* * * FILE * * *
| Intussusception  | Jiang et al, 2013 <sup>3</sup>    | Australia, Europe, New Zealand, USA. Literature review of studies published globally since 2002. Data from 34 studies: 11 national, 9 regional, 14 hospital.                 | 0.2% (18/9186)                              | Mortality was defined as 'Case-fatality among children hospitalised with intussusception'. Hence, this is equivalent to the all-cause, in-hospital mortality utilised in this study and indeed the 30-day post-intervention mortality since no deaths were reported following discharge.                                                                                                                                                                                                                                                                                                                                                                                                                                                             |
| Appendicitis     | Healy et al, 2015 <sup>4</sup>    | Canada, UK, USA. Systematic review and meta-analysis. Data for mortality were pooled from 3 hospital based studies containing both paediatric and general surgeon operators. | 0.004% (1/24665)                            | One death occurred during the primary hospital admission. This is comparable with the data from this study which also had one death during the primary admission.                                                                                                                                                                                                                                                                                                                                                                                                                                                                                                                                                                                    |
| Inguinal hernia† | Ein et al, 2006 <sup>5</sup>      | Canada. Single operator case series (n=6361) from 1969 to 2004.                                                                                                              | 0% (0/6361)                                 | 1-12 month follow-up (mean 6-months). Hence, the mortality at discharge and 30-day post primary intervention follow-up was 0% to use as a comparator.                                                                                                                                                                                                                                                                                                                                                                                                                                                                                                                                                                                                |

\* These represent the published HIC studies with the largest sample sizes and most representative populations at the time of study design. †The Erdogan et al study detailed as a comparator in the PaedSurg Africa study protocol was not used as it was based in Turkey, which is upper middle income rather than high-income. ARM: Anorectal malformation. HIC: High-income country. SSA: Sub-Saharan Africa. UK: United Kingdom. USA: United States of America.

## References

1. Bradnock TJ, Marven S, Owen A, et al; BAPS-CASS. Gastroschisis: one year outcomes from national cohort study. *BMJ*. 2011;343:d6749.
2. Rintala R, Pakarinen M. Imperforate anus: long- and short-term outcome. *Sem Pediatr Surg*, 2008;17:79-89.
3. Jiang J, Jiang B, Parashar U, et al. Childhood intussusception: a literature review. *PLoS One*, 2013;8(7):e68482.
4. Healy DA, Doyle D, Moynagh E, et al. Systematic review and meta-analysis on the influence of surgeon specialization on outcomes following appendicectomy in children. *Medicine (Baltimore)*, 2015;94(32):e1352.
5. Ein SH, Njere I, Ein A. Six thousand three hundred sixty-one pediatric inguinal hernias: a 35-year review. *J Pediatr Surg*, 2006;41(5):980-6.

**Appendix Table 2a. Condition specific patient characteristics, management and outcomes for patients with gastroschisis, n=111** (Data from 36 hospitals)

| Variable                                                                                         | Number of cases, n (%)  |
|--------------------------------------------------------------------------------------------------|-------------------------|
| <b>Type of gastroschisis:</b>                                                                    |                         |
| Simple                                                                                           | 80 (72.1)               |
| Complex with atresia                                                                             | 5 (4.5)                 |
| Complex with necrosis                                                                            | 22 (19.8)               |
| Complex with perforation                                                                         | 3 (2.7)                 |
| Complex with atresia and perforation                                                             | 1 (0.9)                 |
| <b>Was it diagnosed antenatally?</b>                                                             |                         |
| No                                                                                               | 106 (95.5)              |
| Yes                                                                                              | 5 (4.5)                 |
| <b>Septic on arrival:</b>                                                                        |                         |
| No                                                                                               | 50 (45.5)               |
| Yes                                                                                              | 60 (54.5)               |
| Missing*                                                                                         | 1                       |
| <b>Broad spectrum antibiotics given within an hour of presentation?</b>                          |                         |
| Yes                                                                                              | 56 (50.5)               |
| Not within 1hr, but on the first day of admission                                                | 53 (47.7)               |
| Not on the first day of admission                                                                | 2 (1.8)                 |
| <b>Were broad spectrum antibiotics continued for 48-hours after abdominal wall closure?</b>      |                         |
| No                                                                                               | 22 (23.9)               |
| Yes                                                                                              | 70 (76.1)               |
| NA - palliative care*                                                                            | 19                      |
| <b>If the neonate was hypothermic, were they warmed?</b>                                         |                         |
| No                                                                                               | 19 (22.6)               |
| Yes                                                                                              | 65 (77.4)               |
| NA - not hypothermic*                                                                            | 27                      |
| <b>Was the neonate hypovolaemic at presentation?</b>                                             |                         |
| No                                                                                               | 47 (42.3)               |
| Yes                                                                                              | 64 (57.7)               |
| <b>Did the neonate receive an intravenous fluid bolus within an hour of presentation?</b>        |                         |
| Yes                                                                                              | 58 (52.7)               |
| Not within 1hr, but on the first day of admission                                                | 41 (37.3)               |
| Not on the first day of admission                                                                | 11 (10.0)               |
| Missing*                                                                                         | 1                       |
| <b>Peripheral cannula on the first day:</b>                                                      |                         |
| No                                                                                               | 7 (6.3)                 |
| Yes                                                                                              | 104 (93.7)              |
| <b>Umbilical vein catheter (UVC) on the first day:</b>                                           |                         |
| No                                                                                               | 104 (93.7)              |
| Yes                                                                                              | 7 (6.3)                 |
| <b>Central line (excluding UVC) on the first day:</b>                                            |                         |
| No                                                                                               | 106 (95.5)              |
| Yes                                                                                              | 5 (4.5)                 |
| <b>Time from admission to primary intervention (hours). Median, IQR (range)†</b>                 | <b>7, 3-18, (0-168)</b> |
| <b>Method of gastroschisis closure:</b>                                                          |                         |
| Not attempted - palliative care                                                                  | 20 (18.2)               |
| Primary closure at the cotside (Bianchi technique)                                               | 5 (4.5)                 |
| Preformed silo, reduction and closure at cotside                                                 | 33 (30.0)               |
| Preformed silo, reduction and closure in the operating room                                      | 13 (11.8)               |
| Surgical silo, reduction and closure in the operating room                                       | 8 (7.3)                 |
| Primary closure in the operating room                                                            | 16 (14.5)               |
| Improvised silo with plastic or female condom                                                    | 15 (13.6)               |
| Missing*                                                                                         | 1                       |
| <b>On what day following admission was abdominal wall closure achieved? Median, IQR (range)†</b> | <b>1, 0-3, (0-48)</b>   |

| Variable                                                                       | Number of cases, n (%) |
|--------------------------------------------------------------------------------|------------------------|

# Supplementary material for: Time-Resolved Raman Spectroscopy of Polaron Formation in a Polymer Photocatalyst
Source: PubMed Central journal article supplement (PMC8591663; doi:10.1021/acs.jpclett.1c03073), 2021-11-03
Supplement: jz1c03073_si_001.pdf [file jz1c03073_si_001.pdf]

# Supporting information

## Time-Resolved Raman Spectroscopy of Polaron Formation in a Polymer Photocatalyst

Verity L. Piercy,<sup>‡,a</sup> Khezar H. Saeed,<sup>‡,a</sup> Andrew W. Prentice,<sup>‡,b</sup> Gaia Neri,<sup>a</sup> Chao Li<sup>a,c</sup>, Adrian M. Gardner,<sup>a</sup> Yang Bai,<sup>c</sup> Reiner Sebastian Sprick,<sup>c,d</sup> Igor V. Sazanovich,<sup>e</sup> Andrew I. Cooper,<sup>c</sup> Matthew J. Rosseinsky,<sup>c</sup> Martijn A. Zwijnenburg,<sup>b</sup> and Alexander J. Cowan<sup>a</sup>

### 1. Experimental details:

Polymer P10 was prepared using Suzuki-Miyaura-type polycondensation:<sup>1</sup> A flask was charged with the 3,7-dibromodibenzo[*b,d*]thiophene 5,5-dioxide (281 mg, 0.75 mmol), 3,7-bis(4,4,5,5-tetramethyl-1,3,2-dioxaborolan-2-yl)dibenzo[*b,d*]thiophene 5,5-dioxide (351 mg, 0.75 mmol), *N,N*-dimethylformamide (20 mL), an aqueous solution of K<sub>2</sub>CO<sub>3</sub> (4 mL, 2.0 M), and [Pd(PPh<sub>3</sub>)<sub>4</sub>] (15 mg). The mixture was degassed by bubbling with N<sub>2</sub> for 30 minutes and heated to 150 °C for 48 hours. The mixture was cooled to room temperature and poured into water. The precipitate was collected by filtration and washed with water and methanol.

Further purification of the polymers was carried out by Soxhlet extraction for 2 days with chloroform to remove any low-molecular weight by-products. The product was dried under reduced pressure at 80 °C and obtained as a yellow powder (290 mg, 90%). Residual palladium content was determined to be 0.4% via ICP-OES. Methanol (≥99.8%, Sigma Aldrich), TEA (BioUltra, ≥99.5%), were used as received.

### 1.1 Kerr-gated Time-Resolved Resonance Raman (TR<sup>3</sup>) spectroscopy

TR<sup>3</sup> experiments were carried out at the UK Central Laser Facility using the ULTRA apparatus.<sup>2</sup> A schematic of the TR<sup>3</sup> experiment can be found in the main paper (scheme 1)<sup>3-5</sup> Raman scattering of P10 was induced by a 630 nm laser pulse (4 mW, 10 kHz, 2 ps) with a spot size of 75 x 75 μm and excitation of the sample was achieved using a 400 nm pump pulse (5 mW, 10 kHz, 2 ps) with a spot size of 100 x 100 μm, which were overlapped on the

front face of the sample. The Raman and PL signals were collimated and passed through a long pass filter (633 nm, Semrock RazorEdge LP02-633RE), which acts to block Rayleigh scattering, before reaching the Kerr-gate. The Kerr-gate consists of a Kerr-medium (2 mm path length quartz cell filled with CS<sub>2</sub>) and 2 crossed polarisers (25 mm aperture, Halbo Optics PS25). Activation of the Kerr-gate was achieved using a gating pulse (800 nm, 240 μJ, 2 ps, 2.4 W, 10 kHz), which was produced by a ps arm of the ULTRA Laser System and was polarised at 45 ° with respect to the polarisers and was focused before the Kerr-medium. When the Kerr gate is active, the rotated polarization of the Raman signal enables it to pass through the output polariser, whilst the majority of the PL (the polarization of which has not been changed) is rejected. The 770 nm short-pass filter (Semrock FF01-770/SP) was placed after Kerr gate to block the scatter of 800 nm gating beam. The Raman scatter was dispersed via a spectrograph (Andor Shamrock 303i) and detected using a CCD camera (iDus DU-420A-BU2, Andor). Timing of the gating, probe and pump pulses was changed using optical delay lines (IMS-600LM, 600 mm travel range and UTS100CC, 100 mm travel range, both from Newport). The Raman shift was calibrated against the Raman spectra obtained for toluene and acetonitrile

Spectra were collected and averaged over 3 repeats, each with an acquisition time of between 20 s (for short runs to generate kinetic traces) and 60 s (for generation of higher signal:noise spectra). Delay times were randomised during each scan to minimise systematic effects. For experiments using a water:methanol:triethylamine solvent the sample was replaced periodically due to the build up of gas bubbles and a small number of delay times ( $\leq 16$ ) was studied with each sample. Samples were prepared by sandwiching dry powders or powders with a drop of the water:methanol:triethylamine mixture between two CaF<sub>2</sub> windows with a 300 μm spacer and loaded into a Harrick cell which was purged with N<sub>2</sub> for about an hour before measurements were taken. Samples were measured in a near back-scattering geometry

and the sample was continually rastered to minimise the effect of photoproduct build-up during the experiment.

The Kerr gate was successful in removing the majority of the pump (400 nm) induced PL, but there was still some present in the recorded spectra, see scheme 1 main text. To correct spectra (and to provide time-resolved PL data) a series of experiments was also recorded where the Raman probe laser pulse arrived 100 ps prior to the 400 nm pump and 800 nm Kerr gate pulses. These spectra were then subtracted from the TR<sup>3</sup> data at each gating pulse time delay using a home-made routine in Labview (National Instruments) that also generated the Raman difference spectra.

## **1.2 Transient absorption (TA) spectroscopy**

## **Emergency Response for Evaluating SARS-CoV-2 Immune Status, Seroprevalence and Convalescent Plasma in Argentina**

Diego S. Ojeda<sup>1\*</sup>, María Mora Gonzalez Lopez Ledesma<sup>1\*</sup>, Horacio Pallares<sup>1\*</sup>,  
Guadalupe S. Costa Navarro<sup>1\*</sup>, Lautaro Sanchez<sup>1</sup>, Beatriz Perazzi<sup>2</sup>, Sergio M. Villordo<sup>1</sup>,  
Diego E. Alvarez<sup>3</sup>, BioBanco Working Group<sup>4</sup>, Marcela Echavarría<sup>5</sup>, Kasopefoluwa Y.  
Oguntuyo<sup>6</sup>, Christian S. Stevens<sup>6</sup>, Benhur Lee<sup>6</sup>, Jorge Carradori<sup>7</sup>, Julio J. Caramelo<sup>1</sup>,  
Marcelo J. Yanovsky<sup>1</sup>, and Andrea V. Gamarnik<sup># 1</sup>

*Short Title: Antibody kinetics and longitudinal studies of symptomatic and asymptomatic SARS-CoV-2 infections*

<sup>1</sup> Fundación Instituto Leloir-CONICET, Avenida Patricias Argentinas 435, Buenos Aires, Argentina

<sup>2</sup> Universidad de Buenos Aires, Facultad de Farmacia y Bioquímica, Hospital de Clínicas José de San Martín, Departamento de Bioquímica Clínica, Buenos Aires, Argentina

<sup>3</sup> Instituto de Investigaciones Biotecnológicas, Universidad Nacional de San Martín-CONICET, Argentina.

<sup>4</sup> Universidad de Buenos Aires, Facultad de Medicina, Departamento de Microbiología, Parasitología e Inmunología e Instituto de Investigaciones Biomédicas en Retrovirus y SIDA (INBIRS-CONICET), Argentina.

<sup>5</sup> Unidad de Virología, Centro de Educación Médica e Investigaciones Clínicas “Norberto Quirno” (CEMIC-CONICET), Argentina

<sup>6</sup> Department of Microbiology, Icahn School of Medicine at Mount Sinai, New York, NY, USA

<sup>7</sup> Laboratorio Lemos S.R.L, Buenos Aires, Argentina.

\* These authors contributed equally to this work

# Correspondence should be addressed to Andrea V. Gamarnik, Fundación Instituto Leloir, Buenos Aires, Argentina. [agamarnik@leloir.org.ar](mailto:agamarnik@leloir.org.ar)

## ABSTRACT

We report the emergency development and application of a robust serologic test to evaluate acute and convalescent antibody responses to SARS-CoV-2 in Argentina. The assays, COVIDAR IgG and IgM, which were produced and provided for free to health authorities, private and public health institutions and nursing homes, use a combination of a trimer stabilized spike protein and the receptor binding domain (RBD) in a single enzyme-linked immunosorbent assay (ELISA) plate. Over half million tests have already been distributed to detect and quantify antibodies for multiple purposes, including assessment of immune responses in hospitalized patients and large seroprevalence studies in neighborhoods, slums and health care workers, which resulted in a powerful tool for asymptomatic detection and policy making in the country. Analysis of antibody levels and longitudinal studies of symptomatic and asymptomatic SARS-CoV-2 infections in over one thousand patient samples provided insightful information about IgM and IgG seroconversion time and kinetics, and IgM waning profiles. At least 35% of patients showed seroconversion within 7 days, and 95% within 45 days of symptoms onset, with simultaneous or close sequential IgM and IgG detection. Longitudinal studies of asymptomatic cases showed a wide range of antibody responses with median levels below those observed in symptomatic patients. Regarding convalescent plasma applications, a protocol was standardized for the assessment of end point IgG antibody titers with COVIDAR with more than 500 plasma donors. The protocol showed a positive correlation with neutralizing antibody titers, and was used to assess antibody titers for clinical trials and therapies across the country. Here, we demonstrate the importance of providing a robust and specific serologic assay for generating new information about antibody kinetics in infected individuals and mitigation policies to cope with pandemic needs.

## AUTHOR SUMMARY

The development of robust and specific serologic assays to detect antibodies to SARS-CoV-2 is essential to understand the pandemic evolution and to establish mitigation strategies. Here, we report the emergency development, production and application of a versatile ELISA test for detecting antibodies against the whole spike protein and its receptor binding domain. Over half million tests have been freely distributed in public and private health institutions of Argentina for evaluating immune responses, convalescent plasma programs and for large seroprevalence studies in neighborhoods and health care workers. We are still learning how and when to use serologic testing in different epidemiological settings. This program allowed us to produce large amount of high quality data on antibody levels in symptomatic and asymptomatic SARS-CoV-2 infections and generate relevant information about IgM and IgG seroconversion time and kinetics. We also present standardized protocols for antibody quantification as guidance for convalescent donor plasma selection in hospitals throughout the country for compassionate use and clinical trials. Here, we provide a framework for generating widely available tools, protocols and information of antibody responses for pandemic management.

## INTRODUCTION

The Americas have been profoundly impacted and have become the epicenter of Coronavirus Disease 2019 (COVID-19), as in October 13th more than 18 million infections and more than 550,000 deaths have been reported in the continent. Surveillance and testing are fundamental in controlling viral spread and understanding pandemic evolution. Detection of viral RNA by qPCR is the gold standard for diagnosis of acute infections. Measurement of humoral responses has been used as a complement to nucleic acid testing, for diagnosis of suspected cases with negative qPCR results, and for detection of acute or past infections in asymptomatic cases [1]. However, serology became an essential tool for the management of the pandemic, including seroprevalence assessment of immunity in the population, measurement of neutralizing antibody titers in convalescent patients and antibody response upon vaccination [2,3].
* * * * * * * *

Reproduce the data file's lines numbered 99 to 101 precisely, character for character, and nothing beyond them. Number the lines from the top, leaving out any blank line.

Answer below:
\* These authors contributed equally to this work

# Correspondence should be addressed to Andrea V. Gamarnik, Fundación Instituto Leloir, Buenos Aires, Argentina. [agamarnik@leloir.org.ar](mailto:agamarnik@leloir.org.ar)

## ABSTRACT